The scientific evidence is conflicting. Some clinical studies support the efficacy of omega-3 supplements for reducing ADHD symptoms. Other studies claim they have no benefit.

In today’s issue of “Health Tips From The Professor”, I review a recent meta-analysis (JP-C Chang et al, Neuropsychopharmacology, 43: 534-545, 2018) that attempts to provide a definitive answer to this question.

How Was The Study Done?

Clinical StudyThis study was designed to answer three questions:

1)    Does omega-3 supplementation reduce ADHD symptoms?

2)    Does omega-3 supplementation improve cognitive skills in children with ADHD?

3)    Is there an association between omega-3 status and ADHD?

Previous meta-analyses on these topics had design flaws such as:

·       Including both children and adult subjects.

·       Including subjects with diagnosis other than ADHD.

·       Including trials that supplemented with vitamins and other nutrients in addition to omega-3s.

The authors of this study tried to avoid these limitations by using the following criteria for the studies that were included in their meta-analysis.

1)    The studies were randomized, double-blind, placebo-controlled trials of omega-3 supplementation with DHA and EPA alone or in combination.

2)    The participants were school-aged children (4-12 years) and adolescents (13-17 years) who had a diagnosis of ADHD.

3)    The study measured the effect of omega-3 supplementation on clinical symptoms of ADHD or measures of cognitive performance (omission errors, commission errors, forward memory, backward memory, and information processing).

4)    The studies were large enough to measure statistically significant differences.

5)    The studies were published in peer-reviewed journals.

With these criteria there were:

·       Seven studies with 534 children looking at the effect of omega-3 supplementation on ADHD symptoms.

·       Three studies with 214 children looking at the effect of omega-3 supplementation on cognitive performance.

·       Twenty studies with 1276 children looking at the association between omega-3 status and ADHD.

Do Omega-3 Supplements Reduce ADHD Symptoms?

adhd symptoms omega-3sThe results of this meta-analysis were as follows:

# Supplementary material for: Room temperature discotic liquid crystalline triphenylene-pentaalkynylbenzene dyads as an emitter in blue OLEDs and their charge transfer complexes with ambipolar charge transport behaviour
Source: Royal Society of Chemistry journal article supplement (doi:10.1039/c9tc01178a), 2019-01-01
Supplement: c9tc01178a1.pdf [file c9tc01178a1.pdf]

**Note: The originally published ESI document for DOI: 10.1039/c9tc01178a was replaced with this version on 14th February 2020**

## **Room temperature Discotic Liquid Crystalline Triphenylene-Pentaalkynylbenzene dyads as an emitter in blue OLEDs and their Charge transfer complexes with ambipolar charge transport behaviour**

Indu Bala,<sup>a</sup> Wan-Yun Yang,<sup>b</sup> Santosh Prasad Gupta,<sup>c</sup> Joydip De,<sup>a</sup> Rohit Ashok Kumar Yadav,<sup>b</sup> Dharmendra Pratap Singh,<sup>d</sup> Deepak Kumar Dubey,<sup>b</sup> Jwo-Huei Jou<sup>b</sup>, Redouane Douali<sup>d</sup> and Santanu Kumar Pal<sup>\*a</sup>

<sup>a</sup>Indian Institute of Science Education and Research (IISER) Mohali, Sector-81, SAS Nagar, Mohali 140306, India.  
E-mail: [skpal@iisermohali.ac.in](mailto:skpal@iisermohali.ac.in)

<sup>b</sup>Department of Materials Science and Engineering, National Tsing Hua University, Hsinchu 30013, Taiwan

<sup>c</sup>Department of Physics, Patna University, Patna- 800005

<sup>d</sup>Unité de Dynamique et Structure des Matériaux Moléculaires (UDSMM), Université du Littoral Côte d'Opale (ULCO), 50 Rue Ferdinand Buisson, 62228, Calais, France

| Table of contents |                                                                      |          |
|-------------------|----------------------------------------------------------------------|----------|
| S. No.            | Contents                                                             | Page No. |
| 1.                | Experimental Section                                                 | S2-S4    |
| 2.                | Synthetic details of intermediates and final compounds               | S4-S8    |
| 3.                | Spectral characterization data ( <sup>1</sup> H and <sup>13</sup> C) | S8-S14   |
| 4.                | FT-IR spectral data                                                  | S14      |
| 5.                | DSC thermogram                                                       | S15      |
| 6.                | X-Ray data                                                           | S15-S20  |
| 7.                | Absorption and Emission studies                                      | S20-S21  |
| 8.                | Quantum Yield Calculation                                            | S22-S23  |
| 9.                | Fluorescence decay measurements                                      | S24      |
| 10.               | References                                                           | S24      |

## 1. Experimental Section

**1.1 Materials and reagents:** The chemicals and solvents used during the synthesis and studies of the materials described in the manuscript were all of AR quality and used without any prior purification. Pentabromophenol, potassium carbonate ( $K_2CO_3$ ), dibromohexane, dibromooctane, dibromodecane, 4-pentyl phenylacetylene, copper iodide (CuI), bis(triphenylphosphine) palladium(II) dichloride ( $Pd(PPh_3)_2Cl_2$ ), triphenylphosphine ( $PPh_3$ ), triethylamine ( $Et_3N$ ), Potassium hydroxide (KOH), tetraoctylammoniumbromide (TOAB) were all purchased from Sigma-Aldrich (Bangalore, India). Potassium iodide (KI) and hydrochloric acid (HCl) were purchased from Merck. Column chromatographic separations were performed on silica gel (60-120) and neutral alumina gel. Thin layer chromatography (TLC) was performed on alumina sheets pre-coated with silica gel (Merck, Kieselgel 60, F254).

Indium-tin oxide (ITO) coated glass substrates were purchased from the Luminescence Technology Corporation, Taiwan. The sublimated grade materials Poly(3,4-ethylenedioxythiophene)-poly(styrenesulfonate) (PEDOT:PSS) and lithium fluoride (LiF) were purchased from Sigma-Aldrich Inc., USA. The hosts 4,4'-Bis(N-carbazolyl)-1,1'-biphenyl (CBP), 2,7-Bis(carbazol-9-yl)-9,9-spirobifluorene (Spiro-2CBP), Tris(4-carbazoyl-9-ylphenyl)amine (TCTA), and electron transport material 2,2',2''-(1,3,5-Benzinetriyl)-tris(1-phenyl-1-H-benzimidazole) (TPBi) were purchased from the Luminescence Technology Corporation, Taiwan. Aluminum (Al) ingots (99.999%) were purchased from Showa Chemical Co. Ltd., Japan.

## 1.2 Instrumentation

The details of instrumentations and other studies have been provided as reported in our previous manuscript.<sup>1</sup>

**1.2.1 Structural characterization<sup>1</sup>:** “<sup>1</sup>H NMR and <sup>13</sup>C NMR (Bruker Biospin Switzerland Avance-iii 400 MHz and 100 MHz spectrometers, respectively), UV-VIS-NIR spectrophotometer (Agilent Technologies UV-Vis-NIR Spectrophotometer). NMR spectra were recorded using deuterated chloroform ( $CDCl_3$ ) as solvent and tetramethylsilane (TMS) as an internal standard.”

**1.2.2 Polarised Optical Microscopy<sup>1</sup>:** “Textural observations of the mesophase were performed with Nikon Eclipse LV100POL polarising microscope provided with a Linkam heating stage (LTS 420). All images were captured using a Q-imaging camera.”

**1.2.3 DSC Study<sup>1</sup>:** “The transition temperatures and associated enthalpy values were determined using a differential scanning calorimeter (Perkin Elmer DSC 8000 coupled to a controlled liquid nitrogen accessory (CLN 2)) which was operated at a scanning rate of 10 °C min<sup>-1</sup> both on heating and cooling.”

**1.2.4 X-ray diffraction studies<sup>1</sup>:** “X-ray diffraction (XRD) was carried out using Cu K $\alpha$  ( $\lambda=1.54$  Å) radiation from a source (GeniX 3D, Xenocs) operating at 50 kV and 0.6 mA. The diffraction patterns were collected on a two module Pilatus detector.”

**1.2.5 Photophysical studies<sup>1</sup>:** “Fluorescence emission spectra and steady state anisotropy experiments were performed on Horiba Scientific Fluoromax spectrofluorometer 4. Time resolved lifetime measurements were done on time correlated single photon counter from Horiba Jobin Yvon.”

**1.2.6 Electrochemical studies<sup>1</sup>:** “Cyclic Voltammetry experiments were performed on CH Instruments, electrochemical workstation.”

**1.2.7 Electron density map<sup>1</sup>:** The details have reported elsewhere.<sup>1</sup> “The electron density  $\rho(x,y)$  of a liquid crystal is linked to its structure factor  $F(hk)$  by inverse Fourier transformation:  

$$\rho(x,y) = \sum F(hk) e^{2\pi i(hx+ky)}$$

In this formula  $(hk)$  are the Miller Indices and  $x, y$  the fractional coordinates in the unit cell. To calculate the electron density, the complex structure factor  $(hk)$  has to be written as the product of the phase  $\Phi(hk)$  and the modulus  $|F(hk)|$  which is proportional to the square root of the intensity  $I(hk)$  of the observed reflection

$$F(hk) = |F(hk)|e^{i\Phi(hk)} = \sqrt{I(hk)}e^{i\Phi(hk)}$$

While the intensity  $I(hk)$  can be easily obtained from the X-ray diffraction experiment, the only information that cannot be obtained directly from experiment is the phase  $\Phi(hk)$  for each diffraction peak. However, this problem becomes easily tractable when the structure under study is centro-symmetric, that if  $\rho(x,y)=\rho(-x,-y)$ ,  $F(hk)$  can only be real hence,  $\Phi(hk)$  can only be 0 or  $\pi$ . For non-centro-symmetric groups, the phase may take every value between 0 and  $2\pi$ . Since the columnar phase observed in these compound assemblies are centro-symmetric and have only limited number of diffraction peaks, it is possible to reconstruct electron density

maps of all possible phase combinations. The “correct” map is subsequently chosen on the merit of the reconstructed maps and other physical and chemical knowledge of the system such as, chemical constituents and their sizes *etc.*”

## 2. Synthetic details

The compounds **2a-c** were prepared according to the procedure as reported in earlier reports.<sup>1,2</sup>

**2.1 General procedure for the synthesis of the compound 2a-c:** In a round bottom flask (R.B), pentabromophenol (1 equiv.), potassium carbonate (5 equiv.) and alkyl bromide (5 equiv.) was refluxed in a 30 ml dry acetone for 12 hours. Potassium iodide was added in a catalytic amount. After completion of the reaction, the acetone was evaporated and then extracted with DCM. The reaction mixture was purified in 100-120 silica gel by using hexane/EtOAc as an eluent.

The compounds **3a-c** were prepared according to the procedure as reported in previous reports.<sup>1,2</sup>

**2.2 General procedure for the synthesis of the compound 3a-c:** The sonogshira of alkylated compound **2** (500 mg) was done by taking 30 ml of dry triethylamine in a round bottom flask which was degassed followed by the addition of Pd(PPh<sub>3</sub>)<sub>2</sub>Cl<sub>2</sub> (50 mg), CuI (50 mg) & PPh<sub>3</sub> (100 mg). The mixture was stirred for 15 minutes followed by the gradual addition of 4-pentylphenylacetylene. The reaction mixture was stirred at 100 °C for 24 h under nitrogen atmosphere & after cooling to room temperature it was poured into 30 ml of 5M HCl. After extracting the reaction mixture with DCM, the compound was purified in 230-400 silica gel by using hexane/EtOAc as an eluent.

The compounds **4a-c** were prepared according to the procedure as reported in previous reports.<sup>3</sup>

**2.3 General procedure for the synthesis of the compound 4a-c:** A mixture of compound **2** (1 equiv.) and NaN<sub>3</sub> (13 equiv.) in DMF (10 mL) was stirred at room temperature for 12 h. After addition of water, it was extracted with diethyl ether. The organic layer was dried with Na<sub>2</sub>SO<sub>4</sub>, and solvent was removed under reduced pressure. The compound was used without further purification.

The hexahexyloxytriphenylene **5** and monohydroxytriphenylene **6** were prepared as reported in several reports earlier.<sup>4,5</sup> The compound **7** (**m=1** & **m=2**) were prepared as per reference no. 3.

1)    Omega-3 supplementation significantly reduced ADHD symptoms reported by parents.

2)    Omega-3 supplementation significantly improved cognitive measures associated with attention span (omission and commission errors). [Note: Omission errors consist of leaving important information out of an answer. Commission errors consist of including incorrect information in an answer.]

·       Omega-3 supplementation did not improve cognitive measures associated with memory and information processing. This has also been reported in most previous studies.

·       The best way to think of this is that children with ADHD are fully capable of learning their schoolwork. However, they may have trouble demonstrating what they have learned on exams because of omission and commission errors.

·       In this context, omega-3 supplementation may help them perform better on exams and reduce test-taking anxiety.

3)    For hyperactivity, only studies with EPA dosages of 500 mg per day or greater showed a significant reduction in symptoms.

4)    Children diagnosed with ADHD have lower levels of DHA, EPA, and total omega-3s.

The authors concluded: “In summary, there is evidence that omega-3 supplementation … improves clinical symptoms and cognitive performances in children and adolescents with ADHD, and that these youth have a deficiency in omega-3 levels. Our findings provide further support to the rationale for using omega-3s as a treatment option for ADHD.”

They also said: “Our paper shows that EPA supplementation dosage >500 mg should be considered when treating youth with ADHD, especially those with predominantly hyperactivity/impulsivity presentation.”

Will The Omega-3 Controversy Continue?

ArgumentThis is an excellent study, but it is unlikely to be the final word on this subject. That is because there is a fundamental flaw in all previous studies on this important subject, including the ones included in this meta-analysis.

In the words of the authors: “In terms of ‘personalized medicine’, it is tempting to speculate that a subpopulation of youth with ADHD and low levels of omega-3s may respond better to omega-3 supplementation, but there are no studies to date attempting this approach.”

Until studies of omega-3 supplementation and ADHD symptoms include measures of omega-3 status before and after supplementation, those studies are likely to continue giving conflicting results. That is because:

·       If most of the children in the study have low omega-3 status, we are likely to see a positive effect of omega-3 supplementation on ADHD symptoms.

·       If most of the children in the study have high omega-3 status, we are likely to see a negative effect of omega-3 supplementation on ADHD symptoms.

What Does This Study Mean For You?

confusionWhile this study is unlikely to end the omega-3 controversy, it is a very well-designed study that combines the results of multiple double-blind, placebo-controlled clinical trials. In short, it is a very strong study.